Purpose: Whereas prison inmates are reported to exhibit poorer overall health status and higher rates of health care utilization than the general population, no current information exists on the overall disease profile of the U.S. prison population. The present study examined the prevalence of major acute and chronic conditions in one of the nation's largest prison populations.
Methods: The study population consisted of 170,215 Texas Department of Criminal Justice (TDCJ) inmates who were incarcerated between August 1997 and July 1998. Information on medical conditions and sociodemographic factors was obtained from an institution-wide medical information system.
Results: Infectious diseases (29.6%) constituted the most prevalent major disease category among inmates. This was followed by diseases of the musculoskeletal system and connective tissue (15.3%), diseases of the circulatory system (14.0%), mental disorders (10.8%), and diseases of the respiratory system (6.3%). Among the specific conditions examined, evidence of tuberculosis infection without active pulmonary disease (20.1%) was found to be the most prevalent condition, followed by hypertension (9.8%), asthma (5.2%), low back pain (5.1%), and viral hepatitis (5.0%).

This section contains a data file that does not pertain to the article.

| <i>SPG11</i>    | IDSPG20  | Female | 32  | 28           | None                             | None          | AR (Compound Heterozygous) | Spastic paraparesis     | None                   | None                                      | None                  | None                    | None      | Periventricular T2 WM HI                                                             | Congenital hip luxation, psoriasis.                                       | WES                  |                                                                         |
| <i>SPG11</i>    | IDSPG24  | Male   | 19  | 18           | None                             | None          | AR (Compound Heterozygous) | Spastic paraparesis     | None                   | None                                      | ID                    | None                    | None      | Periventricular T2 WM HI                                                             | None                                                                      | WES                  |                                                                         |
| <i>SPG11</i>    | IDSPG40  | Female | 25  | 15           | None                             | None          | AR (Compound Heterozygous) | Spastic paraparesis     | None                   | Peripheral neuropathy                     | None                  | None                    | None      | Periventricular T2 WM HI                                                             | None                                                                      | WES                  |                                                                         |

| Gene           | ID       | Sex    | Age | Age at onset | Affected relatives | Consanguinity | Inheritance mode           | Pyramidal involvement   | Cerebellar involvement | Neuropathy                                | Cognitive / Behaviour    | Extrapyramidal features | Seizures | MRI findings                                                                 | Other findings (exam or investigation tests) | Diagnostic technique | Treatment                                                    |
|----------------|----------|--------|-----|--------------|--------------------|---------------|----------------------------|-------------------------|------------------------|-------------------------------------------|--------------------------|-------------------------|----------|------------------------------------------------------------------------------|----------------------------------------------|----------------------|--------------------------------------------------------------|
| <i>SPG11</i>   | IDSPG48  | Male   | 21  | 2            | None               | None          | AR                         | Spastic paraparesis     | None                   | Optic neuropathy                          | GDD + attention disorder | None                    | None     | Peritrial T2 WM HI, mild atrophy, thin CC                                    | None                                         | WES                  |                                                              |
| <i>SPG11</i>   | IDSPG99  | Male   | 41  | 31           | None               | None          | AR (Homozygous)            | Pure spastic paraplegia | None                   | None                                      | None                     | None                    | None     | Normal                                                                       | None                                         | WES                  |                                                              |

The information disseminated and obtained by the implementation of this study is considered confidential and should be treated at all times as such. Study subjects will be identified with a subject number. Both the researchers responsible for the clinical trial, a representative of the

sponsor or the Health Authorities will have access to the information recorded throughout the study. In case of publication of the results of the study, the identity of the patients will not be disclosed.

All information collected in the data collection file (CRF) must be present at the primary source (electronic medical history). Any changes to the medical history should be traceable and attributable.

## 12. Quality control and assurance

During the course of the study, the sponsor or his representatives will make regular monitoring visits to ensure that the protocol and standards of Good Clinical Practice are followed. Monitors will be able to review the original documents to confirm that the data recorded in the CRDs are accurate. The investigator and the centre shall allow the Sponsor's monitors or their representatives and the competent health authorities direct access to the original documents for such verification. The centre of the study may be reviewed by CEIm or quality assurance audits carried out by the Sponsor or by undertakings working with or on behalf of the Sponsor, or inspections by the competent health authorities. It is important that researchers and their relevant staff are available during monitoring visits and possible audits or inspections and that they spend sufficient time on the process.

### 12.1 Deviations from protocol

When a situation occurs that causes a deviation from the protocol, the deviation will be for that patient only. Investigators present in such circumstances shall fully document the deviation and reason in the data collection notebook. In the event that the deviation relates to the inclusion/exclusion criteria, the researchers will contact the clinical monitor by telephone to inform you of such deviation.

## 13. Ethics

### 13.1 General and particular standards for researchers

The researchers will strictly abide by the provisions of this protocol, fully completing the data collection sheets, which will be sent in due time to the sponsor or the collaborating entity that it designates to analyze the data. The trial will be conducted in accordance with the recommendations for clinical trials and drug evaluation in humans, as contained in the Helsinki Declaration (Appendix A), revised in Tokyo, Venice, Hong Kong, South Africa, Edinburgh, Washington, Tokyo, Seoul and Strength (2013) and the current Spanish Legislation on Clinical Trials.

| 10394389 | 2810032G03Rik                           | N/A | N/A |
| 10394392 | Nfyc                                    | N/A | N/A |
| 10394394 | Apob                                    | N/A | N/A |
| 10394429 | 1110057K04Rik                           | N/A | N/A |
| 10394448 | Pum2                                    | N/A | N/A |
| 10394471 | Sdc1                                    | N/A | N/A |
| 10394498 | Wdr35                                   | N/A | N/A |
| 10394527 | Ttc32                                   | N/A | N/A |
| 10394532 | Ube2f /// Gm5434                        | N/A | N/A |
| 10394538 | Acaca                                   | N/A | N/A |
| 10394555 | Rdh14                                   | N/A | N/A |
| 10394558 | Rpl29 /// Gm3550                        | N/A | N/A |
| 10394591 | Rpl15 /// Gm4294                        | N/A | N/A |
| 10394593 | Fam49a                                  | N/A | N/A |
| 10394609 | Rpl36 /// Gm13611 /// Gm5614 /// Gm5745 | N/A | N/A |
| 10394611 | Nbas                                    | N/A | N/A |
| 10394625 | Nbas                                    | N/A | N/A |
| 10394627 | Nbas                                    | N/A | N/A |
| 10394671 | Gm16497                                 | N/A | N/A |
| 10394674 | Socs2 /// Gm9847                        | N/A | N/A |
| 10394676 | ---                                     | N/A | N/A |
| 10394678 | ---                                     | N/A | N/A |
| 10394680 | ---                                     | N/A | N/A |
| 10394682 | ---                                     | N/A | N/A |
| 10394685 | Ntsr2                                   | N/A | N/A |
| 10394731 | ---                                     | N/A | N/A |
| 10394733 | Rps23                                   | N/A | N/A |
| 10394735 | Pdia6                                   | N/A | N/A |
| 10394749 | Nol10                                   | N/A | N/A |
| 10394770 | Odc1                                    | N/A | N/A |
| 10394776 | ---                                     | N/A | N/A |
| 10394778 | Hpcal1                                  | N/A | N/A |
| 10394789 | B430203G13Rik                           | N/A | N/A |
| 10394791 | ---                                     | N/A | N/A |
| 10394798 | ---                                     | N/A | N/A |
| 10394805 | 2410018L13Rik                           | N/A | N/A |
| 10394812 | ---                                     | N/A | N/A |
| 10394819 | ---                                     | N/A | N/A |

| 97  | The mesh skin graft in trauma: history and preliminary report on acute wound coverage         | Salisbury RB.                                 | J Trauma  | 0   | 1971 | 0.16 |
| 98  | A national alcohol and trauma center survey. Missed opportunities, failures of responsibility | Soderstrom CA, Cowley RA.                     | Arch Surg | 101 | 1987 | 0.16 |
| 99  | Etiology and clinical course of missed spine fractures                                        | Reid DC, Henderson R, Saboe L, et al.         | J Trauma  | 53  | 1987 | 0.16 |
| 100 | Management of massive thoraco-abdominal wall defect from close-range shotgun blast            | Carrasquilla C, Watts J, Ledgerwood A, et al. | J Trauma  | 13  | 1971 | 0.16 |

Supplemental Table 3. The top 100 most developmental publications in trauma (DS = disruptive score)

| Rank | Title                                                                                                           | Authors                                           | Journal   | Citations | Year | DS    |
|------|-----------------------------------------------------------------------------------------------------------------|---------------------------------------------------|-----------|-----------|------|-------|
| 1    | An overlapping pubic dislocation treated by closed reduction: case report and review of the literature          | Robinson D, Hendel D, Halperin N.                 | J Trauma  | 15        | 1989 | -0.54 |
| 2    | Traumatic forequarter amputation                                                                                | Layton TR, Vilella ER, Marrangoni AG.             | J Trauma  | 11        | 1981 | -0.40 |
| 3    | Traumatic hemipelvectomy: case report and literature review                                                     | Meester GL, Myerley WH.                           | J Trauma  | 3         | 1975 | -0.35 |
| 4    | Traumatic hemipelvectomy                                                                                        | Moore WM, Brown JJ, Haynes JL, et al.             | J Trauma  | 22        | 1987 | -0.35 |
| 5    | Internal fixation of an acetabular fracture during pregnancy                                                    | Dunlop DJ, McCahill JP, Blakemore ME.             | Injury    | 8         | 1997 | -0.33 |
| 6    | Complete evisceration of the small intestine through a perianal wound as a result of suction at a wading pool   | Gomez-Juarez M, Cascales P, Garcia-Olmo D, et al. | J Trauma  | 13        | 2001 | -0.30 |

Conclusions: The present study shows that for a number of conditions, the prison population exhibited prevalence rates that were substantially higher than those reported for the general population. Moreover, estimates for a number of diseases varied substantially according to age, race, and gender. Understanding the disease profile in U.S. incarcerated populations will permit correctional administrators to develop more efficient health care delivery systems for prison inmates.